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Architecture & Governance III – Enhance your Innovation, Control your Automation. March 5, 2011

Posted by Sanooj Kutty in Business Process Management.
Tags: , , , , , , , ,

As the most authoritative I can be is of the region I have worked in, this blog post covers the role of Governance in BPM in the GCC.

The GCC countries are facing a major challenge. Their oil resources are no longer enough to sustain their global presence and influence. The lurking danger of the North African people revolution spreading is another hidden concern. Taking away the natural resource factor and the political concerns, the ambition to be at the forefront of the global innovation drive through science, education and entertainment will prove to be their biggest challenge.

For a long time, the world of business and technology have been trying to automate their functionalities.  Having been in the  IT industry for close to 15 years in various roles primarily fluctuating between business analysis and project management, I have had the (un)fortunate opportunity to witness a lot of time, resources and money invested into automation.

The GCC countries are very young compared to the US, Europe and even East Asia. Globalization has forced them to come out of their well-oiled comfort zones and face the friction of global competition. This has led them to do whatever it takes to be of international standard and thus, unnaturally rushing into quickly adopting the latest technologies without going through the learning curve of the older and mature markets.

Automation has been quite central to various solutions ranging from ERP to EAI to CRM to BPM. It has become such a misused and often abused concept that one wonders if this fanatical desire to automate has fatally diluted focus from the real purpose –  to improve business through innovation.

Information Management deployed over Technology has been a bread-winner for me and trust me, in no way am I against automation. Just as automation (from mechanical to electrical or electronic) revolutionized the industrial era, I am convinced Business Process Automation will change the rules of the game in this information era.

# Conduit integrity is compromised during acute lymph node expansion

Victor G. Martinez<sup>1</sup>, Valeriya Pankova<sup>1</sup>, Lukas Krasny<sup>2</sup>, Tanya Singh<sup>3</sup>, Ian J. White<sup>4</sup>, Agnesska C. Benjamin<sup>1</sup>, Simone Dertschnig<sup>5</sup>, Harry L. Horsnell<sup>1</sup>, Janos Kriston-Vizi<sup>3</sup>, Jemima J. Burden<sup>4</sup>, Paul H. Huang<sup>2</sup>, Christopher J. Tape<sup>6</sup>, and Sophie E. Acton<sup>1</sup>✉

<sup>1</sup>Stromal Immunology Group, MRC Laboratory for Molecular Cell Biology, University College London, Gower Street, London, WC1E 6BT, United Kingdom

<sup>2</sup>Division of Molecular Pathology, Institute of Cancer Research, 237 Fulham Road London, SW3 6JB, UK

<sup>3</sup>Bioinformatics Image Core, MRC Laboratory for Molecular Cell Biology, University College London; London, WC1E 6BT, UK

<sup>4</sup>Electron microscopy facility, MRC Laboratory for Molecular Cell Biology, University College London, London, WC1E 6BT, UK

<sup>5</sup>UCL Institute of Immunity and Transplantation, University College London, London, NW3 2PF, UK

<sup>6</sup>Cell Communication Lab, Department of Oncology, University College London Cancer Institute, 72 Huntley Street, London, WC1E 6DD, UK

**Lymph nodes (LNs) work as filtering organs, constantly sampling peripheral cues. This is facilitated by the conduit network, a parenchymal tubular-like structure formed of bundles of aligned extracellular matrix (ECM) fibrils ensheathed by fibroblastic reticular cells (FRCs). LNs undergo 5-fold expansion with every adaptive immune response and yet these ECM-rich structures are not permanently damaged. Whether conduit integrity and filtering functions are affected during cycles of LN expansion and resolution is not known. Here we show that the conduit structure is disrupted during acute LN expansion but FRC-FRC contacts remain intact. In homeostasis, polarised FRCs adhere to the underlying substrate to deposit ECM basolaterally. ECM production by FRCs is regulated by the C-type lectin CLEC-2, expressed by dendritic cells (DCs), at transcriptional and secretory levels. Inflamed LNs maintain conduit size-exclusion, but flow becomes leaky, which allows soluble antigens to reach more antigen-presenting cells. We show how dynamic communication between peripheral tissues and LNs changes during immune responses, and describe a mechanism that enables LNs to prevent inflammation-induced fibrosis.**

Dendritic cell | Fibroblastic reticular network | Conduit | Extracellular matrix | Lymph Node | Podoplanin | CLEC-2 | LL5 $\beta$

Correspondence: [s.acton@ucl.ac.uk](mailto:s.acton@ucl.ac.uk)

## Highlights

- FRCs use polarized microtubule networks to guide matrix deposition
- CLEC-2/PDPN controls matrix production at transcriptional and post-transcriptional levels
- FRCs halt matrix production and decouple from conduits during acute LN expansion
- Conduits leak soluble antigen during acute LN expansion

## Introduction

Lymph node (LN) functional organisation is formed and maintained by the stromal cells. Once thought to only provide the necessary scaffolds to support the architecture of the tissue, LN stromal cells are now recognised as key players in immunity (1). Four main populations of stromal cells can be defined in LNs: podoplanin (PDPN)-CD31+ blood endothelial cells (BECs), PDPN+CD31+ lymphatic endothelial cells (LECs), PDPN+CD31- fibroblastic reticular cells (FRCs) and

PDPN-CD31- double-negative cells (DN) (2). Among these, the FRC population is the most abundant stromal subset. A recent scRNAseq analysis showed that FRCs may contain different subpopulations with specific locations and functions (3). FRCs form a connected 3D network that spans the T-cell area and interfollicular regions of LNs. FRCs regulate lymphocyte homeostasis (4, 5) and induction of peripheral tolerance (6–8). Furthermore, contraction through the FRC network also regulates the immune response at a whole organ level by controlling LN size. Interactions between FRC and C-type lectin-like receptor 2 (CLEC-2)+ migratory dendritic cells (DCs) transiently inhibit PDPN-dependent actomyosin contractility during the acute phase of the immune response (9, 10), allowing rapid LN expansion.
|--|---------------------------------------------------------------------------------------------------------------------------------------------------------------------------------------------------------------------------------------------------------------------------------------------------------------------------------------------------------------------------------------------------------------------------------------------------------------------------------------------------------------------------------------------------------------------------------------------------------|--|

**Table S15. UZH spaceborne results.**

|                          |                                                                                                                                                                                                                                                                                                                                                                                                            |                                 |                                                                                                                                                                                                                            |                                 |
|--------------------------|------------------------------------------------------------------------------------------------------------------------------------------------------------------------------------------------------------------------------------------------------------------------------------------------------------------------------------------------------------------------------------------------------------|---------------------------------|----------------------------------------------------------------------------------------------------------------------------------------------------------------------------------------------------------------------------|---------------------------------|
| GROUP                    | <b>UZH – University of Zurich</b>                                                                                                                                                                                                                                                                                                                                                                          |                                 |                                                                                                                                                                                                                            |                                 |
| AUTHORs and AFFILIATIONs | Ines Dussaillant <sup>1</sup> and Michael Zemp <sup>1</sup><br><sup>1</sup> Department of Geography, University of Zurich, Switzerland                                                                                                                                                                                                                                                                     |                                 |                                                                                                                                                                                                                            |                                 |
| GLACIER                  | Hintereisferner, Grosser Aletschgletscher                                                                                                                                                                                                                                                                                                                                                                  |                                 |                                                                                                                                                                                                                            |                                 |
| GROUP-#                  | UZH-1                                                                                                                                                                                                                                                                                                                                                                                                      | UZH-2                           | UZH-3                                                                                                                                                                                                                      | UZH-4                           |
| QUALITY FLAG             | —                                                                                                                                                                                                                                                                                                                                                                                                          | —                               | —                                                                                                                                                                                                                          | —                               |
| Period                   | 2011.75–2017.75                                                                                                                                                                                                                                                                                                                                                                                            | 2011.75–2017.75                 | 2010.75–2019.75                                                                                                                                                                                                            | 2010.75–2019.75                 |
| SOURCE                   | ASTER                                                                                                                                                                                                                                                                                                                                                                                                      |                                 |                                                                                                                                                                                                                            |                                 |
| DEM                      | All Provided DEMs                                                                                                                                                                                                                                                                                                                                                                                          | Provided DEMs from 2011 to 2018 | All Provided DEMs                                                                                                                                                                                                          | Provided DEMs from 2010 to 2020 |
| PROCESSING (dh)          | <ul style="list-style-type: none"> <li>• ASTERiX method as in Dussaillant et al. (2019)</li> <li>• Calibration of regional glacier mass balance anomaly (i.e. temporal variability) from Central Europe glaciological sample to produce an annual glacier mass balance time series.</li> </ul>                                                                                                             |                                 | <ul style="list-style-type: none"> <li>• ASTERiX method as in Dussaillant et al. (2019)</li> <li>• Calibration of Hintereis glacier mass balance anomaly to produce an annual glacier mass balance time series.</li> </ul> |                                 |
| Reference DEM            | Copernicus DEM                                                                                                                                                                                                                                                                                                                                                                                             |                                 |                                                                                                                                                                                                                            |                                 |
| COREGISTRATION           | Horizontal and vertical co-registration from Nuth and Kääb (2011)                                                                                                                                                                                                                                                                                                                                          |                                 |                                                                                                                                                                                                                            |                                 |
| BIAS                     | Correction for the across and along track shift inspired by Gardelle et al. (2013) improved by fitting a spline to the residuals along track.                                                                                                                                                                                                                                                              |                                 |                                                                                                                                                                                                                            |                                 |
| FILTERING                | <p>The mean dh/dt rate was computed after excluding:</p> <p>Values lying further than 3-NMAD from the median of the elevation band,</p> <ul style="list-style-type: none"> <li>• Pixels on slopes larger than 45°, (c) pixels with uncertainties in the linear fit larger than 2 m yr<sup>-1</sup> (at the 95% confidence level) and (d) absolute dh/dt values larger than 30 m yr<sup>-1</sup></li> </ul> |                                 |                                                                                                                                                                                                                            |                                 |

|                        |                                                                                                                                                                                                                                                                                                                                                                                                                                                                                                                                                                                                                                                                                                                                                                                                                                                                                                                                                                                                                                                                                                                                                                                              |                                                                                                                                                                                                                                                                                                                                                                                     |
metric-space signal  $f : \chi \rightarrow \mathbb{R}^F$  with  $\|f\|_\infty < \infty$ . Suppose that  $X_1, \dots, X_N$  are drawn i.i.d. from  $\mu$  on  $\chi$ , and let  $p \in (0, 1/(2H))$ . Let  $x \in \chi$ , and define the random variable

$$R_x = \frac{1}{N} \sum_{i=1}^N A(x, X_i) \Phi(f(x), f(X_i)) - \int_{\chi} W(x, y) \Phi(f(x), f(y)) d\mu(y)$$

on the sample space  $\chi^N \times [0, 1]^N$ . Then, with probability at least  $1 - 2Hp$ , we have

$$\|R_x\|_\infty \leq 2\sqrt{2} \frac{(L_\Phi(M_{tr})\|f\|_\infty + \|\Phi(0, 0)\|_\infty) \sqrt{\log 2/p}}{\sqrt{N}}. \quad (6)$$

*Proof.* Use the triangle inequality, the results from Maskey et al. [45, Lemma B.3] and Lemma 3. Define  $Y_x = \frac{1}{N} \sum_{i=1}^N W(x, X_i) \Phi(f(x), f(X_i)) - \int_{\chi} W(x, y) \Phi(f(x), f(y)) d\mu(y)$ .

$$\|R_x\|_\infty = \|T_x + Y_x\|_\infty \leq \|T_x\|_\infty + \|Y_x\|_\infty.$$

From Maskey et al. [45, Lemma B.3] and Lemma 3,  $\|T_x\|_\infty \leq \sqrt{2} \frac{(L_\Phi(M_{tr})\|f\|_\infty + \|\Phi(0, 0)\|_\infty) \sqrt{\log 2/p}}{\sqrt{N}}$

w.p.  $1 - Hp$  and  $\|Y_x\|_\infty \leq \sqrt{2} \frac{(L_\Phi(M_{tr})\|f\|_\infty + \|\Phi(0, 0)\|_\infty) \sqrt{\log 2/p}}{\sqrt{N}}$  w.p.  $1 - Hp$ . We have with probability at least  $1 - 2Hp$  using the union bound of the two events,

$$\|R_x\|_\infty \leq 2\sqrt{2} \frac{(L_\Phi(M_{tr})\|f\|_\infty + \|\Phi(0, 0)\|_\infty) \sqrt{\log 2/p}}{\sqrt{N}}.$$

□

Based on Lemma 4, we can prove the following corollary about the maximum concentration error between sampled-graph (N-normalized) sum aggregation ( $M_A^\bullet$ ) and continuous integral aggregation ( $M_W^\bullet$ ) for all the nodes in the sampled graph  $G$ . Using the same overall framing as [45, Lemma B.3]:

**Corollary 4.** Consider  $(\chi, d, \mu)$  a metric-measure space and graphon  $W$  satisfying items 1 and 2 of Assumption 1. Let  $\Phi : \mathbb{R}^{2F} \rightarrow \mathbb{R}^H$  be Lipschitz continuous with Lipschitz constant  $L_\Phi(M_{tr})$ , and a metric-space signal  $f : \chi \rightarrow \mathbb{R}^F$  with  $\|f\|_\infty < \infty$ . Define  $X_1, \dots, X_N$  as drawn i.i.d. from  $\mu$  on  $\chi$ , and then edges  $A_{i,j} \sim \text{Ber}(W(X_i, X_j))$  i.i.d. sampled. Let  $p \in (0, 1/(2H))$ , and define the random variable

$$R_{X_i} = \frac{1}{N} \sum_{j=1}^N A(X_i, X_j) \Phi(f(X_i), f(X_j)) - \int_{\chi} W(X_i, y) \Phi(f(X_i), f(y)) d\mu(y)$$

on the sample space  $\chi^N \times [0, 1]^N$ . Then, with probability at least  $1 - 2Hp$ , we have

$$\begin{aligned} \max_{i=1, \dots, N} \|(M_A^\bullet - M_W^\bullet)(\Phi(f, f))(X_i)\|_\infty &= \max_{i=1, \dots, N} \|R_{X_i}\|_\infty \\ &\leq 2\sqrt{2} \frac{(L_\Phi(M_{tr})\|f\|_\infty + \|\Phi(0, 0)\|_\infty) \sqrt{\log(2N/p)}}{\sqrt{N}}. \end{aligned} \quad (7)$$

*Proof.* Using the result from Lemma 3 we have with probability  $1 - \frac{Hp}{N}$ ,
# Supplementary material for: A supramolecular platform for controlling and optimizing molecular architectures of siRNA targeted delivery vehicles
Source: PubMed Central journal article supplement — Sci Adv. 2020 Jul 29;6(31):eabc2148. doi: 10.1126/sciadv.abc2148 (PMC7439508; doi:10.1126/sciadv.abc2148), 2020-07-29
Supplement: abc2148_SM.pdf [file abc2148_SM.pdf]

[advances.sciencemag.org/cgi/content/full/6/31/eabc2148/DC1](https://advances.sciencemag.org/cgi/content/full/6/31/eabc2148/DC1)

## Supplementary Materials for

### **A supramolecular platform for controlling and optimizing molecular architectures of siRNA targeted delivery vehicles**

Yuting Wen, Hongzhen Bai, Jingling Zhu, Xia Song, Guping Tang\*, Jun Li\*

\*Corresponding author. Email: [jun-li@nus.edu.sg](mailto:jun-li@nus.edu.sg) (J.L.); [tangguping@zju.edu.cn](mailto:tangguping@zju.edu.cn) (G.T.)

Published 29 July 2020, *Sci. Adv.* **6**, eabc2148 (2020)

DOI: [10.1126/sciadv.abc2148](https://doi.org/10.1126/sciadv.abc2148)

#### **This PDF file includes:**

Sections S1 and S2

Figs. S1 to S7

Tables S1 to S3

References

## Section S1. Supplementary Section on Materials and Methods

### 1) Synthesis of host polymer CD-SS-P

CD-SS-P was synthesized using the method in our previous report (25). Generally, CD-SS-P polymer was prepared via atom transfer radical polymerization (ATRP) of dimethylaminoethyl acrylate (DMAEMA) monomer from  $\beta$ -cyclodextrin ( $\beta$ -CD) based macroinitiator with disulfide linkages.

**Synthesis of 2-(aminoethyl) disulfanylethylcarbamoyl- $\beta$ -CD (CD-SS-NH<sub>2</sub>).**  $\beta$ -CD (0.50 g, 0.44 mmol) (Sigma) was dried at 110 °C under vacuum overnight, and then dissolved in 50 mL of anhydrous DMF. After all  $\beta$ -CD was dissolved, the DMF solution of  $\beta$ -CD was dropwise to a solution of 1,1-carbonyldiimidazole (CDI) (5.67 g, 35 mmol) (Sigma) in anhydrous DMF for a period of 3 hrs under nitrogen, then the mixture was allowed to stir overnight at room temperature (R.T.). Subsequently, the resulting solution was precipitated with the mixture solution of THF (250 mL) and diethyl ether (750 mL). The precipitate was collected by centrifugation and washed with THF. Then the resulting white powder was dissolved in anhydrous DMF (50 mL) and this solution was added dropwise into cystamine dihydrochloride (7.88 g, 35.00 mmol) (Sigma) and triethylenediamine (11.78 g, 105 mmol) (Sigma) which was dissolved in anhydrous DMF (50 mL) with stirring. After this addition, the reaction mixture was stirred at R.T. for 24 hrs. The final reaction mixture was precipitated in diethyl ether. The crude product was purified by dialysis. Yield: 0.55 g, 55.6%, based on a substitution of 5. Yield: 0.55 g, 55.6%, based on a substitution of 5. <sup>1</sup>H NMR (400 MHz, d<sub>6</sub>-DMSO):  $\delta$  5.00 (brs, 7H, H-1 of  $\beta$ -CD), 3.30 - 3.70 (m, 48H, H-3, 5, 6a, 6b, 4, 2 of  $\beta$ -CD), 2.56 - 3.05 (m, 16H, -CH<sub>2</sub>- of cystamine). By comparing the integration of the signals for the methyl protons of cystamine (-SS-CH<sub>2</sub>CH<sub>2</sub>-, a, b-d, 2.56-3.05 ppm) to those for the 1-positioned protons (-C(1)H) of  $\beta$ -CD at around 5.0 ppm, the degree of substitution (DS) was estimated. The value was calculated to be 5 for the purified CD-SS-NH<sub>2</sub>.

However, while systems can automate your obvious, the challenge is in automating the oblivious. In its rush to be among the best, GCC’s investment in automation has taken precedence over investment in innovation. When was the last time a truly path-breaking innovation came out of the Arabian stables?

This single question can be answered with a follow-up questions, “Where does innovation come from?”

Is innovation top-down or bottom-up?

Does innovation always have to come from visionary Steve-Jobs-alikes? Not necessary.

The “Java” story is one such case where innovation was born bottom-up. I am sure there are many innovative stories in every organizations. Some that change the world, some that change just that activity. However, it is these hidden small innovations that takes one ahead of competition.

For GCC to rise above the rest, they have to rise bottom-up. This leads us to take a look at the GCC workforce bottom-up.
And it becomes evident, an expatriate population completely motivated by oil-money forms the bottom core of all GCC corporates. With no authority, these core workers remain subdued under the stringent rules to create anything significantly innovative.

The Governance model of these countries bottle-necks power at the top. With a hardworking, visa-restricted obedient workforce that slog to earn its “Arbaabs” good revenue, who cares for innovation? Yet, as most lessons in life, it has come late to the ruling powers that they need to innovate bottom-up and to do so, they need to bring in their own citizens to the workforce to enable sustainable growth and long terms success.

But, bringing your inexperience minimal population to the top does not empower you with the knowledge required to grow. The devil lies in the details and innovation must kill these devils. Either they embrace the expatriates as their own and empower them, or their citizen population become humble enough to learn the hard way – from the bottom as most of the competing world does, the GCC may automate as much as they want and they will still lag behind.

This does not mean they haven’t learnt. They did learn and they are now trying to be self-sustainable. The long hard journey may require them to open some of the closed doors of citizenship and residence to the expatriates in order to do so.

BPM in the GCC will face its toughest battle not at a functional or technological level, but, with governance. Governance sets controls and authorities that enable the right people and restrict the wrong people. Until such time, that they do not learn to empower and restrict in a balance, no automation shall compensate for innovation.

BPM as a discipline and as a technology both rely on improvement. Improvement, not by automation, but by innovation.


1. Ian Gotts - March 5, 2011

Agreed. Pity the automation software vendor’s marekting teams don’t agree 8-(

Sanooj Kutty - March 6, 2011

Have to agree to that too. Which brings me to my point of true “BPM” evangelists must step out of being “BPMS” evangelists!
The “discipline” must gain prominence over the “tool”.

2. Jaisundar - March 7, 2011

It is well known that Process automation, esp through BPM is culture change within the organization in question. But thats really only half the picture. The bigger truth is it is also about regional mindsets. Different cultures have leanings towards different aspects of BPM that they see as benefits. Good post.

3. BPM Quotes of the week « Adam Deane - March 13, 2011

[…] BPM in the GCC – Sanooj Kutty BPM in the GCC will face its toughest battle not at a functional or […]

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